They’ve forgotten how to tell a story.

That’s why.

It gives me a profound sense of joy to know that there are still storytellers in our modern age.

People like you.

Wizards of words who can send our minds to distant lands, and times.

And even let us bring back a few souvenirs that we can tuck away, hidden in the deepest recesses of our psyche.

I think I understand why you only gave us pieces of The Iron Tarn.

And I know that’s why it was so powerful.

After all, the human mind likes to solve puzzles.

But unlike many of your other fans, I’m not asking you to write us a story from beginning to end.

I don’t need all the pieces; I just want more of them.

And I don’t even care if some of them are missing.

I can fill in the empty spots.

And I don’t think I’m the only one . . . like many tens of thousands of lost, and starving children; I still have a tiny ember of imagination burning inside my soul.

And I still know a few magic spells.

I’m no Gandolf, or Merlin–but like you, I also know the hidden power of words.

And like you, I know that it is far better to light a single candle, then to curse the darkness . . .

You’ve got a match in your pocket, Ms. McNeil . . . with it you can light a magical fire in the minds of thousands of children.

I’m actually not surprised you haven’t won an Isner yet.

Your fiction could do irreparable damage to decades of Corporate media mind control.

In the cold shadows of a growing darkness; the light of your fiction is one of the few torches keeping the McHollywood vampires at bay.

Please, don’t let that torch burn out.

Marcy’s book may be filled with blank pages. But the pages she’s scribbling on at her desk, they aren’t, are they?

When she’s done writing, would you please consider sharing the story she discovers?

There are many starving children in the world, Ms. McNeil . . .

Many of them are hungry for a contemporary fairy tale–and I’m sure they would be very happy if all you could give them . . . were crumbs.

Thanks for your time,

With most sincere respect and appreciation,

Peter Usagi

“The Writing Rabbit”

Well, OK.  Eventually I did finish reading Talisman.

But it did take me two weeks.

At first, I managed only a page or two at random every few days. And then finally, I forced myself to sit down and read it from front to back.

I was miserable–still am in fact–when I got to the last page.

It’s was the very first time I’ve read something so good…I had to actually force myself to keep reading.

I drove a considerable distance to see Ms. McNeil once more–this time at the Small Press Expo (SPX) several weeks later.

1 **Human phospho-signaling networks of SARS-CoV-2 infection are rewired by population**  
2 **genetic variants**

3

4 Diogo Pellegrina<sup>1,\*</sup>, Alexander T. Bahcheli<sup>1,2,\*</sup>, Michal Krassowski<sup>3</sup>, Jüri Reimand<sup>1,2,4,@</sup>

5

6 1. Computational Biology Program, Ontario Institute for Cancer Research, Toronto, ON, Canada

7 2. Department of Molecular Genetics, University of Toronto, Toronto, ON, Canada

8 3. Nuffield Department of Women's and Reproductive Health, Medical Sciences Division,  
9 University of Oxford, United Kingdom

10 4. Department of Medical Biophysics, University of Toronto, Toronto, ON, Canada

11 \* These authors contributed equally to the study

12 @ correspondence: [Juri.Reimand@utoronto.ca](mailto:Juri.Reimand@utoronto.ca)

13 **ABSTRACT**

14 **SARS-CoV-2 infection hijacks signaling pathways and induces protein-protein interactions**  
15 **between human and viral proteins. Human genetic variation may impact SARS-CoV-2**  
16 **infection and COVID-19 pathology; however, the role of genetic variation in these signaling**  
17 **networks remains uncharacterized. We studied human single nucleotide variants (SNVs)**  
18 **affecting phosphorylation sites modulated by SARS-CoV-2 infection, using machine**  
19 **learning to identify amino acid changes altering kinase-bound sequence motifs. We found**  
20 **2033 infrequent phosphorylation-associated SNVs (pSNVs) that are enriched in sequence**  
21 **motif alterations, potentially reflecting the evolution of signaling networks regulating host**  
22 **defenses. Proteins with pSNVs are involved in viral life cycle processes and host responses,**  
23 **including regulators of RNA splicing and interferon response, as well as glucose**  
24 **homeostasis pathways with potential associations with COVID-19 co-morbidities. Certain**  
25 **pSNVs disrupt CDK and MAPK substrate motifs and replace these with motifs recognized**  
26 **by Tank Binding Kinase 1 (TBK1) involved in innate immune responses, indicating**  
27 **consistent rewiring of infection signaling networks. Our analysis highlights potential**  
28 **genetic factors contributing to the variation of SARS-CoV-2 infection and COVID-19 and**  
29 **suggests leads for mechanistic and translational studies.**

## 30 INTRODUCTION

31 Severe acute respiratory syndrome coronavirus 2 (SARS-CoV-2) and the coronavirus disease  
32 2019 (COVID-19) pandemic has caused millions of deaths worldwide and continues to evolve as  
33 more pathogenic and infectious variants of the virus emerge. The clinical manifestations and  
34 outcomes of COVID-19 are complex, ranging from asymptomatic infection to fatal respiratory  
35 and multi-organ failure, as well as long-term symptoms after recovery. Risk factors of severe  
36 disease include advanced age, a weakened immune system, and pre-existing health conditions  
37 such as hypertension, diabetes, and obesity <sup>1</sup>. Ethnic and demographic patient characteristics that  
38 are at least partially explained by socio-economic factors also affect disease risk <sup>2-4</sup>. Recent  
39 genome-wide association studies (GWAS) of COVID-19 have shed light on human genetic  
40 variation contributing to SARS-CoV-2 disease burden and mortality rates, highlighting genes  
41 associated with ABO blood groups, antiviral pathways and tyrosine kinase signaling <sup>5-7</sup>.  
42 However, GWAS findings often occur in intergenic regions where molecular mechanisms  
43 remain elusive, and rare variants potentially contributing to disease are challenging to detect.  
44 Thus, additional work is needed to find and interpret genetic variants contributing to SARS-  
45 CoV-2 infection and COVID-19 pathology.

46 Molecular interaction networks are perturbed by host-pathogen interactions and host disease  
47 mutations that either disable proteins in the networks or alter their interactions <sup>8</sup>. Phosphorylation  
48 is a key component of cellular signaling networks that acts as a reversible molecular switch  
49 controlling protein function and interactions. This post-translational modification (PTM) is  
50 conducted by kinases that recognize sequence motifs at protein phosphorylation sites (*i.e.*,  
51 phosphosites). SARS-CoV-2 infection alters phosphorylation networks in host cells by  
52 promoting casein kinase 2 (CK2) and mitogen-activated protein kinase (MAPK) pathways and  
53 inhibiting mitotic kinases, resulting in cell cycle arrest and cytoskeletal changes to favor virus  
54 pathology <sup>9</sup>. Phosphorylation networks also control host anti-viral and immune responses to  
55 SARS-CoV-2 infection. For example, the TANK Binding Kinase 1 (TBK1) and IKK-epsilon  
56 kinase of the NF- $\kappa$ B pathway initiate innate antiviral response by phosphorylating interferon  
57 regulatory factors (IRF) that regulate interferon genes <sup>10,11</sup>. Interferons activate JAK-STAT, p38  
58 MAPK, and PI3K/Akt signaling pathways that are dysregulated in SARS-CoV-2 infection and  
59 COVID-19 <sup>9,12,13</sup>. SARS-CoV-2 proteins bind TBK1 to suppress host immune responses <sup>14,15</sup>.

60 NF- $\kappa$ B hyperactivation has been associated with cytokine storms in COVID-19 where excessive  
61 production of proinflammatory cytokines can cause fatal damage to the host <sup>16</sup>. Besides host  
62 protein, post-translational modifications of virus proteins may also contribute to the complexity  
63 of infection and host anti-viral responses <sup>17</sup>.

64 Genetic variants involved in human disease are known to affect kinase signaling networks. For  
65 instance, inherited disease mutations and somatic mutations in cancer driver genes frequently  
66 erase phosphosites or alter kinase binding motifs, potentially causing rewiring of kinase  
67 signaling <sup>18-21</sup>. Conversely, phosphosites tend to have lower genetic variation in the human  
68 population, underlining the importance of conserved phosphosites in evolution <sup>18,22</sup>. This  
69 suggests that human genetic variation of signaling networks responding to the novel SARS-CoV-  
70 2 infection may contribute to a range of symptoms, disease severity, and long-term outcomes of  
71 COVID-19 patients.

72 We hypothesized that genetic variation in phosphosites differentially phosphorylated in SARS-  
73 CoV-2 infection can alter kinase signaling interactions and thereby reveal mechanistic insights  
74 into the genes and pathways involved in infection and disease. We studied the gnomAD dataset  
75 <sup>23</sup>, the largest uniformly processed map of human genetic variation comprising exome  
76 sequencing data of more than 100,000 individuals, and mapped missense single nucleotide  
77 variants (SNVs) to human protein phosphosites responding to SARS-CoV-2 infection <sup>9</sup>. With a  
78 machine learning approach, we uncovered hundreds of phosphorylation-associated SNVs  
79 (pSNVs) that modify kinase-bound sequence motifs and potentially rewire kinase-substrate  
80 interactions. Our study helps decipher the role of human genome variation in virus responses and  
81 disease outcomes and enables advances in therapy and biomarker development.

Yes, she was the only reason I went.

I could mumble something about E-Book publishing, and multi-media books…but that was just window shopping–not the reason I drove to the mall.

The first time we met, she was just one of hundreds of comic artists with their own table at the Baltimore Comic Con.

Just one of a half-dozen I bought something from.

But she was the only one who made me truly appreciate my chosen profession.

The only one who told a story that fed my soul.

While it’s true, I did want to say thank you in person; I mostly went to get the rest of the finder series (which you can see in the photo below).

It would have been a couple hundred bucks…but she gave me (and anyone else who was visiting her table) a substantial discount off the cover price.

For which I’ll be ever thankful.  That was how I got the entire set…

Did I tell her who I was? Remind her of the e-mail I sent?

Nah.

I just told her I really liked Talisman, and Marcy was my favorite character in one of my favorite books.

I really don’t know why; maybe she remembered me from Comic Con?

You might assume it was because I had just purchased a huge stack of her books; but so had half the other folks crowding around her table.

(Even though SPX was about one-sixth the size of the Baltimore Comic Con, she was absolute swamped with fans and curious onlookers. I guess the folks who attend the SPX were a bit more familiar with her work.)

Either way, she looked up at me, and smiled.

Apparently, I wasn’t Marcy’s first fan.

In fact, Mrs. McNeil told me that all the original artwork of Marcy from the comics had been sold years ago (not long after it was first published).

I do remember that she asked me if I wanted her to sign the first volume (I did have every book she’d created), and I remember I said no.